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An important part of my role since March has been co-ordinating Audit Scotland’s response to Covid-19 on behalf of the Auditor General and Accounts Commission, while reviewing our work programme to ensure it reflects the pandemic’s implications for public services.

This includes work on school education in Scotland that was due to be published this summer. Given the immediate demands the pandemic placed on the Scottish Government and councils, it was one of several audits that were paused in March.

During this very challenging time, teachers, schools, councils, Education Scotland, the Scottish Government and others have been supporting young people and preparing to get pupils back to school safely.

We know closing schools during the pandemic has both short and potentially long-term consequences for Scotland’s young people, affecting learning outcomes, health and wellbeing, and the poverty-related attainment gap.

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In recognition of Covid-19’s impact on schooling, Audit Scotland will be carrying out more audit work over the autumn and winter with a view to the Auditor General and Accounts Commission publishing a report in early 2021. Timescales will be kept under review given the risk of a second wave of Covid-19 cases and the implications it could have for school education.

Much of the work we’ve already done on the effectiveness of Scotland’s education system is still relevant and will be used to inform the report in 2021.

For example, the Scottish Government wants to raise attainment and close the poverty-related attainment gap. Prior to the pandemic, it was clear that the attainment gap between pupils in the most deprived and least deprived areas remained wide – although it has narrowed slightly at the national level. Some councils have had more success than others in closing the gap, but there is a risk that it could increase due to the impact of Covid-19.

The scope of the new audit work is still to be determined and key stakeholders will help inform it. The work will likely consider educational outcomes, how the system has responded to Covid-19, longer-term implications for young people and the poverty-related attainment gap.

It is also likely to look at how effectively the Scottish Government, councils and their partners have worked together to address pupils’ immediate needs and remedy the damage to pupils’ learning and wellbeing.

We want to help inform school education post-Covid-19, so the report will outline the Auditor General and the Accounts Commission’s views on the key opportunities and challenges facing education in Scotland, as well as our longer-term plans for audit work in this area.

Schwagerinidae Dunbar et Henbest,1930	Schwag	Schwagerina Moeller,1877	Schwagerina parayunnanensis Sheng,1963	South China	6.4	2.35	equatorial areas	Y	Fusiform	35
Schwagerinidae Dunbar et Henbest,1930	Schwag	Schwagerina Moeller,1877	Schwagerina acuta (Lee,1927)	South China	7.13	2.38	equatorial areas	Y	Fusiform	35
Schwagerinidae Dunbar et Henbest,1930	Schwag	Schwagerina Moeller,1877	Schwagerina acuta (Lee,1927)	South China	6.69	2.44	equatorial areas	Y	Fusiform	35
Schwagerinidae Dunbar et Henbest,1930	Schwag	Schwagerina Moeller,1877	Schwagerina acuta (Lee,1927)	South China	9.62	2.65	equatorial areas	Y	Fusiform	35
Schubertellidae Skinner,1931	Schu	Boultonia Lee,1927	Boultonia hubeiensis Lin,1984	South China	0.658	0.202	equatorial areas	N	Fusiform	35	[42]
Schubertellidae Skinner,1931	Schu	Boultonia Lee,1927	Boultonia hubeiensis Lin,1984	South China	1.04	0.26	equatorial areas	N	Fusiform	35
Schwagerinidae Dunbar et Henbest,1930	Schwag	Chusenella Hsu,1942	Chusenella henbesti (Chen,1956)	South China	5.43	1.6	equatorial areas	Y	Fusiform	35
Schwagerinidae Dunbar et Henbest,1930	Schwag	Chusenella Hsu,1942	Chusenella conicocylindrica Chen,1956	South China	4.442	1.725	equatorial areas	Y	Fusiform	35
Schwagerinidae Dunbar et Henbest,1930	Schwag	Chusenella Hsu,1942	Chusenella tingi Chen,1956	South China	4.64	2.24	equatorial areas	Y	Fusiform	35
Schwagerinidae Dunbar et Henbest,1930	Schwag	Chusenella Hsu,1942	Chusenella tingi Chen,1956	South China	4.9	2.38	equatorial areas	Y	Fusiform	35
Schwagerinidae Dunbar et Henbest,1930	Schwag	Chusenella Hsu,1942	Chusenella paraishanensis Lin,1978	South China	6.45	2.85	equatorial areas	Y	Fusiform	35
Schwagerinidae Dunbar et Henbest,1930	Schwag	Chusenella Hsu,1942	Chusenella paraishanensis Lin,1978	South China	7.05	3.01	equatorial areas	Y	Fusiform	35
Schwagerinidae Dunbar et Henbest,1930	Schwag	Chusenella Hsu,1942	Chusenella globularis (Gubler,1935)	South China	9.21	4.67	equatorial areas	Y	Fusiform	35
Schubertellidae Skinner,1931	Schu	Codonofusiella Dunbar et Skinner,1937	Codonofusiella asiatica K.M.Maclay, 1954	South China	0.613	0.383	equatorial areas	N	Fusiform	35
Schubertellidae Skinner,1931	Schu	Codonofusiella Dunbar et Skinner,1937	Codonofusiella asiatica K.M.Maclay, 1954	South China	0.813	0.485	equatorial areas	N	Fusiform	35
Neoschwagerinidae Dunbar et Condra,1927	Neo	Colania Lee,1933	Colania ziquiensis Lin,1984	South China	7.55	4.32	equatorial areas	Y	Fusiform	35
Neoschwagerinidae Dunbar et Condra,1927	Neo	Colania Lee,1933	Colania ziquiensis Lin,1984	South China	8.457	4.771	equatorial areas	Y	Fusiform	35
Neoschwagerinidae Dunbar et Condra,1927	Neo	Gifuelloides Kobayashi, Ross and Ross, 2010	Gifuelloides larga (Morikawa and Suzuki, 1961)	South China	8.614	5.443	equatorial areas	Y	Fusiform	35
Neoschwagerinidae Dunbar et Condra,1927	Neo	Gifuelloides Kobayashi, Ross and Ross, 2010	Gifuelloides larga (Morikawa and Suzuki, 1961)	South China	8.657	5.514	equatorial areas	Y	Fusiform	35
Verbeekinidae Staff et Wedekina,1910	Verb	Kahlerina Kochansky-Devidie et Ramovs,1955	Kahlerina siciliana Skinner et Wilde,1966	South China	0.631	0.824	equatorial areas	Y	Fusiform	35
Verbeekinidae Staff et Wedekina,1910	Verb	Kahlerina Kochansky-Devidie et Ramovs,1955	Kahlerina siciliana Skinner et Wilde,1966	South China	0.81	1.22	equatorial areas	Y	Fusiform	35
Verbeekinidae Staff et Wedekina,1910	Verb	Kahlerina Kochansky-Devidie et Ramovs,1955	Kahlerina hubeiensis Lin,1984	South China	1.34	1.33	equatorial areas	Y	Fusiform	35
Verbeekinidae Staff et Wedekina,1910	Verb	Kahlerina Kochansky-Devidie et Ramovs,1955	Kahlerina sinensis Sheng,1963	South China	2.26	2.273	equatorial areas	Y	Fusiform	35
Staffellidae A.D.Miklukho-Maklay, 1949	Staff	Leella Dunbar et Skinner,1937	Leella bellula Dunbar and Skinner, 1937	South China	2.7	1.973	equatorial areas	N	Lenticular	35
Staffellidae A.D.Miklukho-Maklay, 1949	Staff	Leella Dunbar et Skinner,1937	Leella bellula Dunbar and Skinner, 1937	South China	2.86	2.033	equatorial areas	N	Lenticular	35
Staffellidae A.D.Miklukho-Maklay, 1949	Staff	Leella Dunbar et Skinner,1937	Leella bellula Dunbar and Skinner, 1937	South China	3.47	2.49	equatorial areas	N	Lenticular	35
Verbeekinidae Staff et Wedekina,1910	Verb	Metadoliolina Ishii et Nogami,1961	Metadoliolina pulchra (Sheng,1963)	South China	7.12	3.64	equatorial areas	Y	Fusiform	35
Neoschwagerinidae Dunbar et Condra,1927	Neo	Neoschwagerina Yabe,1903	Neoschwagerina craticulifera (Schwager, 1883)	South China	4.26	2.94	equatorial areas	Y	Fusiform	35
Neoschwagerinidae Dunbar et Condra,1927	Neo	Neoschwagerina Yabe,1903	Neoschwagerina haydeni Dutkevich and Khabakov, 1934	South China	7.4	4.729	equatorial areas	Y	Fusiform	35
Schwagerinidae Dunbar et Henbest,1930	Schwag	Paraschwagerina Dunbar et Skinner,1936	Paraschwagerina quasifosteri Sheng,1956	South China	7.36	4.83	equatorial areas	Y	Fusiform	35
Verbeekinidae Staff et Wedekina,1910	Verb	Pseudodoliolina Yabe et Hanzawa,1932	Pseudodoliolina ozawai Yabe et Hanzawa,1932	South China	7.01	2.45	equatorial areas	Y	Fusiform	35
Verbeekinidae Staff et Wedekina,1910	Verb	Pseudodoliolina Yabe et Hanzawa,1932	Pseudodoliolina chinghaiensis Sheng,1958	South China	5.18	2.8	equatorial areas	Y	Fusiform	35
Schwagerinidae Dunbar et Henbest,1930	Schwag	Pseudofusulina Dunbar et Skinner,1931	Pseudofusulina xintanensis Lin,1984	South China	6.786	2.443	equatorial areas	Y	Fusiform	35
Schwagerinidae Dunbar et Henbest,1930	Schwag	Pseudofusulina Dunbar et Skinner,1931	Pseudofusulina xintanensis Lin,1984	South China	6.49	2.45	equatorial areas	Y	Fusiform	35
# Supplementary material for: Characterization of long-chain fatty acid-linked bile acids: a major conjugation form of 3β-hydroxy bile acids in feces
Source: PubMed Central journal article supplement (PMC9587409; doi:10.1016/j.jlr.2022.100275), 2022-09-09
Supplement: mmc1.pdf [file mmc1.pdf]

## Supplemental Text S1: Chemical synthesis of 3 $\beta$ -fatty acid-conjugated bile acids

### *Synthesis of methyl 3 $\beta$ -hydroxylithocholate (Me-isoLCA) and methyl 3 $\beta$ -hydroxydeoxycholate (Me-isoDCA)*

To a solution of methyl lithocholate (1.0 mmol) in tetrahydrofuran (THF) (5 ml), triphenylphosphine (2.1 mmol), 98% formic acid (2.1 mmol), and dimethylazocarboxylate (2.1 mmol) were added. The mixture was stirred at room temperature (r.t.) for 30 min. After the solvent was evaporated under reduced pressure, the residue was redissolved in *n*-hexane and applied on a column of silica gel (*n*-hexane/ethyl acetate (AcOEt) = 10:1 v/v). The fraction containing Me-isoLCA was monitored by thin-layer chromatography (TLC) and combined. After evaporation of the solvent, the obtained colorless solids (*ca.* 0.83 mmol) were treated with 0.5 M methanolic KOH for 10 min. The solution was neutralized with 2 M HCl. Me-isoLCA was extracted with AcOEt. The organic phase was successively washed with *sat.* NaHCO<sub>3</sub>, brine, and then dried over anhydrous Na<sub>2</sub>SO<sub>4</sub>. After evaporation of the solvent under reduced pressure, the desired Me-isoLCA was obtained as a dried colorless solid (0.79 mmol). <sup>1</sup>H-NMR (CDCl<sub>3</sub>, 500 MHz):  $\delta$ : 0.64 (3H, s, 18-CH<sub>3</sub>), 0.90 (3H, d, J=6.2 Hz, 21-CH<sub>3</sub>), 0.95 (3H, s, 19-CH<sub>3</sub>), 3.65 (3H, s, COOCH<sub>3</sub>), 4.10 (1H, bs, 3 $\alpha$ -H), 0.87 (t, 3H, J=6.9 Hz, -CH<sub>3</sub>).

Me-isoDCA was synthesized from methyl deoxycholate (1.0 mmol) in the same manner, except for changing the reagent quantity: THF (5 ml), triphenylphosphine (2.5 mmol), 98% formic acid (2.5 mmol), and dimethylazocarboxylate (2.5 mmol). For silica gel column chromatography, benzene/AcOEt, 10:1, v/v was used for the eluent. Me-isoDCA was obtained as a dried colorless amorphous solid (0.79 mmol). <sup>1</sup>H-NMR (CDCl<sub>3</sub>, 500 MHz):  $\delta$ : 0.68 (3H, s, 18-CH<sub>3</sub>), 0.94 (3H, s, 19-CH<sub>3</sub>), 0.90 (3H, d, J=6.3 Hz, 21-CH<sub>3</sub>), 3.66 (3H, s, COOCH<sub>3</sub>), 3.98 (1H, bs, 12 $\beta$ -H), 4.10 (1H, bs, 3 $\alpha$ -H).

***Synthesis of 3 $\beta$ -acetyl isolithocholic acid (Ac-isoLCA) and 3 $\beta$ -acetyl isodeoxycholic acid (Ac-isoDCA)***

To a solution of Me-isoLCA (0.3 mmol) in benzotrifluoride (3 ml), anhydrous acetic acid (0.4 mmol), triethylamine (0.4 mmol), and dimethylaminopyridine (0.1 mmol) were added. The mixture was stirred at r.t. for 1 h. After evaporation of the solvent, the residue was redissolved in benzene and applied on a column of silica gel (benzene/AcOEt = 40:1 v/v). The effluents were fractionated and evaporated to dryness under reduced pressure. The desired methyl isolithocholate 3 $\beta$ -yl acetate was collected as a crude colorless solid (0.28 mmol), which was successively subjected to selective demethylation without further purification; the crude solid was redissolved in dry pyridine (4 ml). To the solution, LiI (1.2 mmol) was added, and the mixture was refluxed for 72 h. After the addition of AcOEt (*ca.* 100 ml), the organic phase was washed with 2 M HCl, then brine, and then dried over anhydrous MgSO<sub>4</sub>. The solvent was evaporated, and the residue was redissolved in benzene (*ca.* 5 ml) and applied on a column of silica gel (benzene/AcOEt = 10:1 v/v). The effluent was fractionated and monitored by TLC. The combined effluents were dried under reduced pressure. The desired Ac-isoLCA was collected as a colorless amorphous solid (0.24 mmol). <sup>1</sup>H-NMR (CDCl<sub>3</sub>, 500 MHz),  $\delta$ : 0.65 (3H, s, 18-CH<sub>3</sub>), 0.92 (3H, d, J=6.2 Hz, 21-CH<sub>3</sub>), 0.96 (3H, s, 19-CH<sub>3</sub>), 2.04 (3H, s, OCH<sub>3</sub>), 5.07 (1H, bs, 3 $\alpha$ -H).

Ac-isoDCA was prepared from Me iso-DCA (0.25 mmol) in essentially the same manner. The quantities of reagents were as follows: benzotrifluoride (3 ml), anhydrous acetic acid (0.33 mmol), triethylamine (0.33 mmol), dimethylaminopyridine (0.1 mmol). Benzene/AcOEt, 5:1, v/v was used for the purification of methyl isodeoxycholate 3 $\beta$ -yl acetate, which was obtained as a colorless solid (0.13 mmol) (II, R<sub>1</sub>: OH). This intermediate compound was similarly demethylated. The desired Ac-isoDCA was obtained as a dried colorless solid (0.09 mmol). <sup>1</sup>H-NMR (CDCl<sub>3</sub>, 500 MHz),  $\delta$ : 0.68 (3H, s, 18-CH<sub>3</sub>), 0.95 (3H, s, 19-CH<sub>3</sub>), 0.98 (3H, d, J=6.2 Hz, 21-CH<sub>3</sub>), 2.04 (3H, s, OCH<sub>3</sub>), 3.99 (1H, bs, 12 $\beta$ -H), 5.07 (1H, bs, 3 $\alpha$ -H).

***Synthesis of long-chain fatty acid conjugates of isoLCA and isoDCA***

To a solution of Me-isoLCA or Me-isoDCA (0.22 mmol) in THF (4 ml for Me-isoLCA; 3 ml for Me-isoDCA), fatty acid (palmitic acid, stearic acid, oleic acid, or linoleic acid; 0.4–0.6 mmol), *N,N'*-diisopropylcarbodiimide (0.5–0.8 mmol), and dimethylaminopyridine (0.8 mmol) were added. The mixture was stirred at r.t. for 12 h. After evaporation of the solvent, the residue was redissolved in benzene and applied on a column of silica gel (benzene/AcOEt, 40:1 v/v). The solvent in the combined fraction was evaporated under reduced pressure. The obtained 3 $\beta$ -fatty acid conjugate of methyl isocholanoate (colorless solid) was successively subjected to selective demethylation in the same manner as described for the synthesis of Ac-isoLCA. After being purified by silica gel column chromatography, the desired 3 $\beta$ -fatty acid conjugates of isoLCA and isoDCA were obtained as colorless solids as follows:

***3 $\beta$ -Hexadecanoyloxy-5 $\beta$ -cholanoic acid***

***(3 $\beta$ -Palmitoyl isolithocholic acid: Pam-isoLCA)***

Our approach will be sensitive to the difficult circumstances faced by the education sector since the start of the pandemic, that are likely to continue for some time.

We’ll also be keeping you updated on this blog about other Covid-19 audit work as we continue to plan in this fast-moving environment. You can sign up for blog update alerts below.

What Covid-19 means for fraud in the public sector

By Anne Cairns, Audit Manager 

Covid-19 has changed all our lives. And for many public sector staff, it’s meant working under extreme pressure, bringing greater risks of fraud. 

We’ve now outlined some of those risks – and how to reduce them – in a new publication for public sector bodies. 

They include things like normal internal controls being relaxed to allow bodies to buy goods or services which are needed urgently, possibly from new suppliers. 

Continue reading What Covid-19 means for fraud in the public sector

What are the Auditor General for Scotland’s powers?

By Stephen Boyle

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The powers of the Auditor General are considerable and are intended to support the democratic scrutiny of how well public money has been spent.  For me, they also exist so that the work of public audit helps improve the lives of the people of Scotland and contributes to building a more caring and fair country. That’s what drove me to apply for the job and what I will be focused on over the next eight years. 

It was Her Majesty The Queen who formally appointed me – a mark of the government act that guarantees that neither the Scottish Government or Parliament can direct or control my work. I am privileged to be independent of both.  

Continue reading What are the Auditor General for Scotland’s powers?

Being an Audit Director at Audit Scotland

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We currently have an exciting Audit Director vacancy. In this blog, Gordon Smail, an Audit Director at Audit Scotland, provides some insights into the role.

By Gordon Smail